One of the two challenges, which are hosted on crowdsourcing platform HeroX, is called The Coca-Cola Company Sweetener Challenge, and is a call to scientists and researchers to find a naturally sourced, safe and no-calorie or low-calorie compound able to replicate the taste of sugar in food and drinks.
The company is offering a single grand prize of $1m (£760,000), to be awarded in October 2018.
Most soft drinks at present are sweetened either with sugar, or artificial sweeteners such as aspartame and acesulfame K.
Alongside this, the Sweet Story Challenge is aimed at consumers worldwide, and aims to complement the cutting edge science of the first challenge with folk wisdom.
It calls on individuals to submit stories and videos of their "tried and true methods to naturally sweeten food or drink, or how your community, culture, or family has done so safely for many years."
Robert Long, senior vice-president and chief innovation officer at Coca-Cola, said: "We’re always searching for newer, better ingredients, and we know that amazing ideas can come from anywhere.
"These two challenges are very much rooted in our desire to make the drinks our consumers want to drink, and in our willingness to look beyond the walls of our company for breakthrough sugar alternatives that help us deliver the great taste people love but with less sugar and fewer calories."
One of the most prominent natural alternatives to sugar is stevia, which has a long history of use in some parts of the world, but was only approved for use in the EU in 2011. Stevia is calorie-free, but is often regarded as having a bitter aftertaste, making it unsuitable as a full replacement for sugar.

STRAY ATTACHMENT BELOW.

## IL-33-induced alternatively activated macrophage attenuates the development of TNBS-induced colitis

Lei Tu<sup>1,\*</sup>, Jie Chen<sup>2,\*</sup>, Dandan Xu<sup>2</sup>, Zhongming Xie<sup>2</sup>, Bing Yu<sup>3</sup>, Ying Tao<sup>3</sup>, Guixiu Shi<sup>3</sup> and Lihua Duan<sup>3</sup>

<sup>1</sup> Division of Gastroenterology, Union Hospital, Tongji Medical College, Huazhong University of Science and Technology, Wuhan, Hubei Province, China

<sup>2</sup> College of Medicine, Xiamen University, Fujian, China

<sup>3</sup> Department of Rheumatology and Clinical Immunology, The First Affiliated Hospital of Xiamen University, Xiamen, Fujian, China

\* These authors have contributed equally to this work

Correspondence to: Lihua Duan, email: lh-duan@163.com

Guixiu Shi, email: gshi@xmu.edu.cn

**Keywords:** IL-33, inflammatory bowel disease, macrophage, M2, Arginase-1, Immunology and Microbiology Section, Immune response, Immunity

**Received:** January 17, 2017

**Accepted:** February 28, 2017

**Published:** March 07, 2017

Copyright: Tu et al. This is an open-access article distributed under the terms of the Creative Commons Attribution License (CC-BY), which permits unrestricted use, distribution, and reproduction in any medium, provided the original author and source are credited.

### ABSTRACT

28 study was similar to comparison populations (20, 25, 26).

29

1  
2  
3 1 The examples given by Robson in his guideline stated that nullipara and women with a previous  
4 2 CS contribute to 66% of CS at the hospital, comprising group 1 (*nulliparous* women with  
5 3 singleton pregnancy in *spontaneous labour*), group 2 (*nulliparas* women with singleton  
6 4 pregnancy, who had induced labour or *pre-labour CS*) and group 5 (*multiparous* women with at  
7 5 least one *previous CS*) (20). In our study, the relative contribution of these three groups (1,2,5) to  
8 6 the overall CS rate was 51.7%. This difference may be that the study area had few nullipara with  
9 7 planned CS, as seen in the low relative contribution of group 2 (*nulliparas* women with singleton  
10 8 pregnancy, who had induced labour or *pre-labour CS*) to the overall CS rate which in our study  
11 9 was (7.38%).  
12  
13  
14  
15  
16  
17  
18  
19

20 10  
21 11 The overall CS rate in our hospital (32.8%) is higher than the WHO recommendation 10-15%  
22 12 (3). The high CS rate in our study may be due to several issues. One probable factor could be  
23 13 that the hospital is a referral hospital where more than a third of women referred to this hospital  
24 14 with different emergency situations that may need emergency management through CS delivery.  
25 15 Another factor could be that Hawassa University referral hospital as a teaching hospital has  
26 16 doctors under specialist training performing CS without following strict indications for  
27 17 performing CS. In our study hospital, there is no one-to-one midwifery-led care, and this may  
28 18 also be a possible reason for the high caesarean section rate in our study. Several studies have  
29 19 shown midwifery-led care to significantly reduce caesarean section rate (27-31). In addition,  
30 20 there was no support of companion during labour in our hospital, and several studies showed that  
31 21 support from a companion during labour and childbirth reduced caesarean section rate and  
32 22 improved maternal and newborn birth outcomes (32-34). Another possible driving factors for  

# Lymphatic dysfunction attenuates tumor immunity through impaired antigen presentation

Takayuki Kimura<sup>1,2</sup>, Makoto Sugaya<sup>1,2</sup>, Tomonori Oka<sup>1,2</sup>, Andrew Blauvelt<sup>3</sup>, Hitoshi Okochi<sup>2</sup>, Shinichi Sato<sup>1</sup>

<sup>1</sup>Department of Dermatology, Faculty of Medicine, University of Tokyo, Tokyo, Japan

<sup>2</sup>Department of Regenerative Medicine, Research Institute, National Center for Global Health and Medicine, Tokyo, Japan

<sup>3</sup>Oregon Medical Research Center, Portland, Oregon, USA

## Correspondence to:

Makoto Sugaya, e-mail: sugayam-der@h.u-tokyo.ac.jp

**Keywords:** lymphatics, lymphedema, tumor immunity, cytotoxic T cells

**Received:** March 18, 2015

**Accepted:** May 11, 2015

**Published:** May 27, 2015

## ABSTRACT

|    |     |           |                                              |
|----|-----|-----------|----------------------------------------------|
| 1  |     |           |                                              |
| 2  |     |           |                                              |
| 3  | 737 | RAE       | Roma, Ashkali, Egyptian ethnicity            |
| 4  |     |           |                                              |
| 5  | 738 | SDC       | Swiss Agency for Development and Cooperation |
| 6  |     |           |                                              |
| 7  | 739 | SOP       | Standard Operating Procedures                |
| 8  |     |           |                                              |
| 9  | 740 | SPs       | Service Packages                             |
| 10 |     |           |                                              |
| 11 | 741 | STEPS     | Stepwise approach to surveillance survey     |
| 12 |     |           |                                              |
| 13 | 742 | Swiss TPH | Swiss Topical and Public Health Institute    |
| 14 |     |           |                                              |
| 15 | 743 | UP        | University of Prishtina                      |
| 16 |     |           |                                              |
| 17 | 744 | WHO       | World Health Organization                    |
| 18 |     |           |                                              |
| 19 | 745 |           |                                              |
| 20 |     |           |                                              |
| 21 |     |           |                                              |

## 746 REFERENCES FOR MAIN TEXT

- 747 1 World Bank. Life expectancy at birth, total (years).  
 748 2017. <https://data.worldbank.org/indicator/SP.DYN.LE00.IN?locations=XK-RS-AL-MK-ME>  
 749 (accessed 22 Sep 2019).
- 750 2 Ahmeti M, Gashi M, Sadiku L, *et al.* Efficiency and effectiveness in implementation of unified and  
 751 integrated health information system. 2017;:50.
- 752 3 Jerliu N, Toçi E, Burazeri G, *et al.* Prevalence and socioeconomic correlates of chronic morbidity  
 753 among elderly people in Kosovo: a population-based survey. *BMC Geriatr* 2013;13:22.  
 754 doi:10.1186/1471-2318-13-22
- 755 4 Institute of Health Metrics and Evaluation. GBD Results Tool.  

Coca-Cola introduced Coke Life, the first version of the brand containing stevia, to the UK in 2014. Made with a mix of sugar and stevia, it contained two-thirds of the calories of standard Coke, with this later lowered to 55%.
But, despite the product’s offer of a reduced-calorie drink with no artificial sweeteners, Coke Life failed to take off and was withdrawn from the UK early this year, after the company decided to focus its efforts on Coca-Cola Zero Sugar.
While that product appears to be helping Coca-Cola to reduce the amount of sugar it contributes to consumers’ diets, it still has to manage concerns about artificial sweeteners, which earlier this year were linked to stroke and dementia by a paper in medical journal Stroke.
Stevia is still used in the UK in Sprite, which was reformulated in 2013 to use a mixture of sugar and stevia.